Here at Schlitz Audubon, we celebrate all four seasons with equal fervor. But there’s another season we celebrate with extra zest and zeal because it’s the sweetest of them all… Maple Sugar Time!
As winter comes to a close and the spring songs of birds are in the air, we head out to tap our maple trees, gather sap, and cook it down into maple syrup and maple sugar. We can take part in this prehistoric practice, called maple sugaring, thanks to the Indigenous Peoples that lived in North America first, and because of our maple trees! However, there’s another determining factor to making maple syrup besides having the know-how and the right tree.
The Importance of Temperature
The deciding factor is temperature! In our part of the world, we are used to the temperature dictating many things in our lives. But, you might not have realized that it also determines how much maple sap will flow. For this to happen, the temperature must drop below freezing at night. The temperature must also rise above freezing during the day. This magical combination causes pressure within the tree to make sap flow.
Even though maple trees grow other places on the planet, the requirement of this temperature differential is why maple sugaring is a phenomenon specific primarily to northeastern North America. The best place to maple sugar is Quebec. They make over 80 percent of all maple syrup in the world, approximately seven million US gallons! No wonder the maple leaf appears on the flag of Canada. Here in the United States we show our love for the maple trees, too. The maple tree is the state tree for Wisconsin, but also New York and Vermont because, like Canada, the maple tree is emblematic of our region.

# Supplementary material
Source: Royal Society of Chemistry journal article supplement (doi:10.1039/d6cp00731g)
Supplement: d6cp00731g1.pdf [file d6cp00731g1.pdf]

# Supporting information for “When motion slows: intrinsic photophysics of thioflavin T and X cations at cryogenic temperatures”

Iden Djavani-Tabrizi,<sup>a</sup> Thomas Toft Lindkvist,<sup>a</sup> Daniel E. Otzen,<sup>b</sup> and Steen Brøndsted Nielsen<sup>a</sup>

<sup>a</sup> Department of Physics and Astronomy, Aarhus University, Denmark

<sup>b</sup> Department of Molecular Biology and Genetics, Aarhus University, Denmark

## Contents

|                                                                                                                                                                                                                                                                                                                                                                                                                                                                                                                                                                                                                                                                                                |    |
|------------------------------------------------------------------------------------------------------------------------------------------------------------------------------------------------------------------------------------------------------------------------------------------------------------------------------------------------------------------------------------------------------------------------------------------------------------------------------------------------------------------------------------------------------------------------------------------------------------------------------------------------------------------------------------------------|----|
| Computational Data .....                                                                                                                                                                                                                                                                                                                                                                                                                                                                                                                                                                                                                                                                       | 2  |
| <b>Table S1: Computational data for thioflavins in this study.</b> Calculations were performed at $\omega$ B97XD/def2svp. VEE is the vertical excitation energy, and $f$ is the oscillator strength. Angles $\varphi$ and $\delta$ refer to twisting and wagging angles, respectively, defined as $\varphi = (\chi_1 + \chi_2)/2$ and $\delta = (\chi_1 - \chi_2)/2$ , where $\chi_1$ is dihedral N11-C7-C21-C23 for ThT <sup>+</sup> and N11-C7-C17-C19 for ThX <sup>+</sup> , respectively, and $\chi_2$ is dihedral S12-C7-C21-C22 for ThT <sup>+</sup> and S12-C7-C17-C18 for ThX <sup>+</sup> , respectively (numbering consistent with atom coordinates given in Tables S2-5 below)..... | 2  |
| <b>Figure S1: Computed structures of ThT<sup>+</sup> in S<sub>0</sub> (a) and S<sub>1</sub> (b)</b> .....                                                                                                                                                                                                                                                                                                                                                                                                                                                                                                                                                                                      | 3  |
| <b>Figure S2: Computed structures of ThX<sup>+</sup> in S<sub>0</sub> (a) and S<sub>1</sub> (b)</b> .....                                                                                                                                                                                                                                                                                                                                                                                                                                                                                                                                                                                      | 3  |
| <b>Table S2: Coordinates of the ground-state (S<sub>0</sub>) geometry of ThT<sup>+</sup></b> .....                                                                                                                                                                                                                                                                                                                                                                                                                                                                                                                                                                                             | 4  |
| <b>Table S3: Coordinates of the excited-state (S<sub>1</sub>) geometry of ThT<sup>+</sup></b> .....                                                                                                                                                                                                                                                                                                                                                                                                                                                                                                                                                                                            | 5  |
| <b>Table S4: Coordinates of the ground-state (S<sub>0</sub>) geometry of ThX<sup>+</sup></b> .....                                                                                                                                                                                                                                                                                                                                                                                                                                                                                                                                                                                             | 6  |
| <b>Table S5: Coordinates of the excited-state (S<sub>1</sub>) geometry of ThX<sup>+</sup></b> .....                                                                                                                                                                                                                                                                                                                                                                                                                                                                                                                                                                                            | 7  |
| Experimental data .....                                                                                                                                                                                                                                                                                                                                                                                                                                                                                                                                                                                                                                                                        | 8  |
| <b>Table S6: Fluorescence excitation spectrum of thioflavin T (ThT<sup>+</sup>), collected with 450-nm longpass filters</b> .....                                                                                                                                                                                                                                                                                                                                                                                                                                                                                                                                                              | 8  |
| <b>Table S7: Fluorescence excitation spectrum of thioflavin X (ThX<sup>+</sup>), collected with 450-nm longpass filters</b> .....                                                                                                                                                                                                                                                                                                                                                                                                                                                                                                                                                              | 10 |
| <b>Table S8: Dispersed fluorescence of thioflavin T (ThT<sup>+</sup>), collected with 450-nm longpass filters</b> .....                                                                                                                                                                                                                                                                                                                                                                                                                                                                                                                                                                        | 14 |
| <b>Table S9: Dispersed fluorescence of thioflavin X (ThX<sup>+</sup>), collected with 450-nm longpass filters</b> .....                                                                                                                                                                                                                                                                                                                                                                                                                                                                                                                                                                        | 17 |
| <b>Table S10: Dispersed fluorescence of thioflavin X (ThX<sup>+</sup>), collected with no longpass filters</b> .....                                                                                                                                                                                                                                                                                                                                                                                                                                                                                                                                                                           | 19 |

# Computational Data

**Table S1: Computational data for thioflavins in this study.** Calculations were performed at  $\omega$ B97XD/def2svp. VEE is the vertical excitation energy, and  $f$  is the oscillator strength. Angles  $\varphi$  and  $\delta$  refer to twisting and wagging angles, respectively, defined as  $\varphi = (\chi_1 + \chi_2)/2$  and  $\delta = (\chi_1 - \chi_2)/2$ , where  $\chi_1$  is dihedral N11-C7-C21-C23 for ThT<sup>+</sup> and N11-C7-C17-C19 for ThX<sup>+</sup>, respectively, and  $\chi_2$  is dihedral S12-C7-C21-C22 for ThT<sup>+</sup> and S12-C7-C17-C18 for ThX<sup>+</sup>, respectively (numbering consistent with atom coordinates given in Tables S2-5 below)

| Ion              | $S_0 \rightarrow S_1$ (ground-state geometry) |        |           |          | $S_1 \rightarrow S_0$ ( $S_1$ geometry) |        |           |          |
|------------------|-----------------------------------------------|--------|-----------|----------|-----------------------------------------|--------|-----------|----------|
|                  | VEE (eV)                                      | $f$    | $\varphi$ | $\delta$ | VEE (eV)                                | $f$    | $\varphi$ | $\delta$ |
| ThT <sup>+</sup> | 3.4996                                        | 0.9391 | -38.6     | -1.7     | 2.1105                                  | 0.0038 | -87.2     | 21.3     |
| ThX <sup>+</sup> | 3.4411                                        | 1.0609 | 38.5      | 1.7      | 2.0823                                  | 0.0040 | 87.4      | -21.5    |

Maple Syrup Production in the US
Vermont leads the US in maple syrup production, making about 5 percent of the global supply, followed by New York and Maine. Other significant maple syrup making states include our fair state, Ohio, New Hampshire, and Michigan, all making less than 265,000 US gallons each. The total US production is around 4,200,000 gallons.
If that sounds like a lot, consider that it takes approximately 40 gallons of maple sap just to get ONE gallon of maple syrup! Maple sap is mostly made of water. There’s just a few precious parts of sugar, around two to four percent. There’s a lot of water, around 95%, that needs to be boiled off when the sap is cooked down into the golden goodness of maple syrup. So how many gallons of maple sap does it take to make 4,200,000 gallons of US maple syrup? The answer is 168 million gallons of sap from the maple trees. Then there is the hard work and skill of the maple sugar farmer!
Maple sugaring is one of the many reasons to love where we live. Even during a time of year when it’s hard to love those changing temperatures. If you’d like to join us for our program, It’s Maple Sugar Time, come to the Center on Saturday, March 14.